Fibers from macula pass straight to optic nerve head (ONH), forming papillomacular bundle. Fibers from nasal retina also pass straight to ONH. Fibers arising temporal to the macula follow an arcuate path, around papillomacular bundle, to reach ONH (Fig. 15.2).
In optic nerve head and anterior part of optic nerve, the fibers from the macular lesion enter the nerve in a triangular form, with the apex toward the center of the nerve. In general, fibers from the peripheral retina enter the peripheral optic nerve, while the central retinal fibers enter the central part of the nerve (Fig. 15.3).
In Optic Nerve
The nerve fibers enter the chiasma. The papillomacular bundle from the macular region becomes more centrally arranged in the posterior part of the nerve (Fig. 15.4). Otherwise, the fibers from retina maintain the relative position up to chiasma, where the nasal fibers decussate.
Fibers from nasal retina (nasal macular and peripheral fibers) decussate in the chiasma and pass to the opposite optic tract, while the fibers from temporal retina (temporal macular and peripheral fibers) pass uncrossed to the optic tract of same side. Fibers from inferonasal retina cross the chiasma low and anteriorly. After crossing, these fibers loop forward into the optic nerve of opposite side (Knee of Wilbrand) before turning back into the optic tract. So, these fibers may be affected by lesions in the posterior part of the optic nerve. Superonasal fibers traverse the chiasma high and posteriorly.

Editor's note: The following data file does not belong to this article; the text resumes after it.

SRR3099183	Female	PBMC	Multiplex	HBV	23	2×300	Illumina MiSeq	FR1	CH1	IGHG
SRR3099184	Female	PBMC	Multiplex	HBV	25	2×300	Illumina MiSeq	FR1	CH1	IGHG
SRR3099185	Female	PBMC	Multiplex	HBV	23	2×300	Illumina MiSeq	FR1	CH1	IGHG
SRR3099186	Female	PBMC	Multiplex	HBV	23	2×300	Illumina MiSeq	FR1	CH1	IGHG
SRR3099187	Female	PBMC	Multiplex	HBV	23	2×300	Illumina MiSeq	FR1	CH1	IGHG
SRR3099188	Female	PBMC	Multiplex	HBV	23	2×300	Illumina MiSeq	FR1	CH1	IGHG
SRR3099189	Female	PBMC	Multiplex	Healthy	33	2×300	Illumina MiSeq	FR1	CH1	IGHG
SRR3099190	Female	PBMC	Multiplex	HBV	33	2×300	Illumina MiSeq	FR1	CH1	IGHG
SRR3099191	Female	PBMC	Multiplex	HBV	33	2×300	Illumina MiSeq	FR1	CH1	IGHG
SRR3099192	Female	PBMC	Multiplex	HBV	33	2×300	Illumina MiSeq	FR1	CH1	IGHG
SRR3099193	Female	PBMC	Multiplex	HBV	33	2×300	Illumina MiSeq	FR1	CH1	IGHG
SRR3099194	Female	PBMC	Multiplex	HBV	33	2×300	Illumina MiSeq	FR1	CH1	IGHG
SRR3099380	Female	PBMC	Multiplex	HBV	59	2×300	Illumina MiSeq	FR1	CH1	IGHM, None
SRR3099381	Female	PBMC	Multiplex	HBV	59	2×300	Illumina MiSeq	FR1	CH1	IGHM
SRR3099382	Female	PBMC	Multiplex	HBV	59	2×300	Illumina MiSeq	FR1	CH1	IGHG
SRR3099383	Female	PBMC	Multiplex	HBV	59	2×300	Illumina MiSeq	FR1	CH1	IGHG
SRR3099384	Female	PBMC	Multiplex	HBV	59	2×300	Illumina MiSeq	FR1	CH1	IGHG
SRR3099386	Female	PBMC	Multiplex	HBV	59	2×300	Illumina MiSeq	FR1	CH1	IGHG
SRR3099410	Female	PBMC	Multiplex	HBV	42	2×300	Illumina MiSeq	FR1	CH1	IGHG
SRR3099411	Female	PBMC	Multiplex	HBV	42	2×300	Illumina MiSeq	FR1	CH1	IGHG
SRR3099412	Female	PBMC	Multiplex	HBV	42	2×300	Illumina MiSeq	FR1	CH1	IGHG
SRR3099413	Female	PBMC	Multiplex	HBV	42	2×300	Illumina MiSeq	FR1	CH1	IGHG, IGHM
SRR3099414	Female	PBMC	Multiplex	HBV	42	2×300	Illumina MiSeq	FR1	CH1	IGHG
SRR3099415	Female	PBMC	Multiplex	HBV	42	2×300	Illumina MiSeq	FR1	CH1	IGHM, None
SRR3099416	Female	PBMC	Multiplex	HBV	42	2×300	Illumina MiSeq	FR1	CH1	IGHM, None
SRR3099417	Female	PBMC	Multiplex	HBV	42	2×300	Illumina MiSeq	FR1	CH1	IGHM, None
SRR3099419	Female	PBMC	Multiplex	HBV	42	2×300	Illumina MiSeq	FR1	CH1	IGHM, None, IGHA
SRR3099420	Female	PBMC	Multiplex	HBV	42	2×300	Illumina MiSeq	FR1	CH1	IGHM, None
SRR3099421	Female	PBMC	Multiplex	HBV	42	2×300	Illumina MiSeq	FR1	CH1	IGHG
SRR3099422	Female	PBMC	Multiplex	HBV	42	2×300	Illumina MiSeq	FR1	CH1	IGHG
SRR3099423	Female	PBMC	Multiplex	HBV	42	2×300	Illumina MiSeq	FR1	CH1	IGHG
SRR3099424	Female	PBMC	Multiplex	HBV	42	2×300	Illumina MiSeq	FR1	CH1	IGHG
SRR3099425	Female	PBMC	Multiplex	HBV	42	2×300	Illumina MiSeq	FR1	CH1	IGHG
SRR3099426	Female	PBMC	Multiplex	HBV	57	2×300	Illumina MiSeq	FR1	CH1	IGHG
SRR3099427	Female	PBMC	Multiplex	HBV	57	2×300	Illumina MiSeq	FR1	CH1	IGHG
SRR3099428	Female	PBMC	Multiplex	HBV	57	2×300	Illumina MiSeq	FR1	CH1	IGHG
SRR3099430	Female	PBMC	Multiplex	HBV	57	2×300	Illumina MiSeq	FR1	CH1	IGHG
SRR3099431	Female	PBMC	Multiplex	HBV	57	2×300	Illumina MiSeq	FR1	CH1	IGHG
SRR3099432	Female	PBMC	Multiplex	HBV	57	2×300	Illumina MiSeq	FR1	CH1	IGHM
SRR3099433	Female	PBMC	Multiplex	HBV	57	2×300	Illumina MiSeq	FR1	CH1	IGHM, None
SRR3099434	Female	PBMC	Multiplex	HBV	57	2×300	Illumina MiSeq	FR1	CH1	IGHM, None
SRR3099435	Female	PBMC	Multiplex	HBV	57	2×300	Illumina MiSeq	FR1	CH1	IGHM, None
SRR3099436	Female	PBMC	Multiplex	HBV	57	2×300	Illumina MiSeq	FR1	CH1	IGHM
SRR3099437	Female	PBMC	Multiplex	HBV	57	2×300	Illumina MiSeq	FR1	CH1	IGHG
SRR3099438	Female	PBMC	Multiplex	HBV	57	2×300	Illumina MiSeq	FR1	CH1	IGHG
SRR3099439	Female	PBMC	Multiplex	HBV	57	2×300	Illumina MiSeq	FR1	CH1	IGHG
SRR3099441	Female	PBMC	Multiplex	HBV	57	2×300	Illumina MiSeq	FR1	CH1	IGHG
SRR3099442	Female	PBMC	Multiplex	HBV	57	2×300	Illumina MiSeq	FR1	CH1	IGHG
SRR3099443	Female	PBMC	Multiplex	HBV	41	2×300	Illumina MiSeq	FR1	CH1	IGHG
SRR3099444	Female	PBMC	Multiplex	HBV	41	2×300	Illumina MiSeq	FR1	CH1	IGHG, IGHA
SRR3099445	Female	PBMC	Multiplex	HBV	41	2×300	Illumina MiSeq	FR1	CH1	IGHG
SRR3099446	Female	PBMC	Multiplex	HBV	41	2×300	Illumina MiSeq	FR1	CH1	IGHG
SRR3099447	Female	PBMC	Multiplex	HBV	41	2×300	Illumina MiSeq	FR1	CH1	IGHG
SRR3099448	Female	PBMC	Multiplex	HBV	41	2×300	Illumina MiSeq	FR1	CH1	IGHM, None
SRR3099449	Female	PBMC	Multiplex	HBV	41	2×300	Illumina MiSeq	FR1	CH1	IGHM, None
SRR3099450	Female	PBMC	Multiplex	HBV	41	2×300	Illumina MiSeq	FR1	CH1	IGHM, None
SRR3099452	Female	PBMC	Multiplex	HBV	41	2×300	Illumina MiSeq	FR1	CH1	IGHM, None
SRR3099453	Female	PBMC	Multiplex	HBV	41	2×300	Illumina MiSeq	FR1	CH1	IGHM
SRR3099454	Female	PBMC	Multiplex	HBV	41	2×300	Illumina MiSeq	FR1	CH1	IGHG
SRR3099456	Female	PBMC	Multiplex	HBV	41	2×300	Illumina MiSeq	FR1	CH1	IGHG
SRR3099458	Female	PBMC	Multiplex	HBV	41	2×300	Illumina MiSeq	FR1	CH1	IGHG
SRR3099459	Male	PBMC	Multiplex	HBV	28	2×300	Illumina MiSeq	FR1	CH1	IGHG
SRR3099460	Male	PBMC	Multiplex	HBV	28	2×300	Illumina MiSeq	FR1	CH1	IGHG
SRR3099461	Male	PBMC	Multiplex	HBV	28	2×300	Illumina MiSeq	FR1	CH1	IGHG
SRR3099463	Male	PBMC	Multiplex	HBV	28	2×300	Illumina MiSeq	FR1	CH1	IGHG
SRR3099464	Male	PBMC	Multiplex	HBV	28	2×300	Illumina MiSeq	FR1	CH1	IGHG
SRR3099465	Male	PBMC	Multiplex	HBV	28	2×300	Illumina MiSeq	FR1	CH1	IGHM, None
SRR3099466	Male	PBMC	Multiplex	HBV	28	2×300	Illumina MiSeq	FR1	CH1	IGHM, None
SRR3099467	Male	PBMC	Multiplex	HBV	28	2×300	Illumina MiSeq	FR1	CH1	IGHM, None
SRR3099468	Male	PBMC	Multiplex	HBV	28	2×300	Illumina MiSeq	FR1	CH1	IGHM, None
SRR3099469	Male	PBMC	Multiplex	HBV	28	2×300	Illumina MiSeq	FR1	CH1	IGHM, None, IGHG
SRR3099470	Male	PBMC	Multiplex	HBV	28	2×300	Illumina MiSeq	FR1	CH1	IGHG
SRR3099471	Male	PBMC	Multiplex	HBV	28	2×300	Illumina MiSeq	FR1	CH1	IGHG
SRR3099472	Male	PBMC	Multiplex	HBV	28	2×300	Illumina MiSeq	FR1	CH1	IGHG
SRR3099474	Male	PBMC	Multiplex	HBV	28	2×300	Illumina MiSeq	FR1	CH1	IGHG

In Optic Tract and LGB
Optic tracts arise at posterior aspects of chiasma and extend posteriorly around cerebral peduncles. Optic tracts terminate in the LGBs. Optic tract contains both visual fibers (uncrossed temporal fibers of same side + crossed nasal fibers of opposite side) and pupillomotor fibers. Visual fibers terminate in LGB, while the pupillomotor fibers leave optic tract anterior to LGB, project through superior colliculus, and terminate in pretectal nuclei.
Visual Fibers in Optic Tract and LGB
Macular fibers occupy the central part of optic tract and LGB. Inferior peripheral retinal fibers (uncrossed inferotemporal [IT] and crossed inferonasal [IN]) lie on the lateral side in optic tract. So, these occupy lateral end of LGB. Superior peripheral retinal fibers (uncrossed superotemporal [ST] and crossed superonasal [SN]) lie on the medial side in optic tract. So, these occupy medial end of LGB. In LGB, the fibers are arranged in a laminated pattern. Crossed and uncrossed fibers pass to alternating laminae in LGB. The corresponding third-order neurons originate in LGB as optic radiations (Fig. 15.5).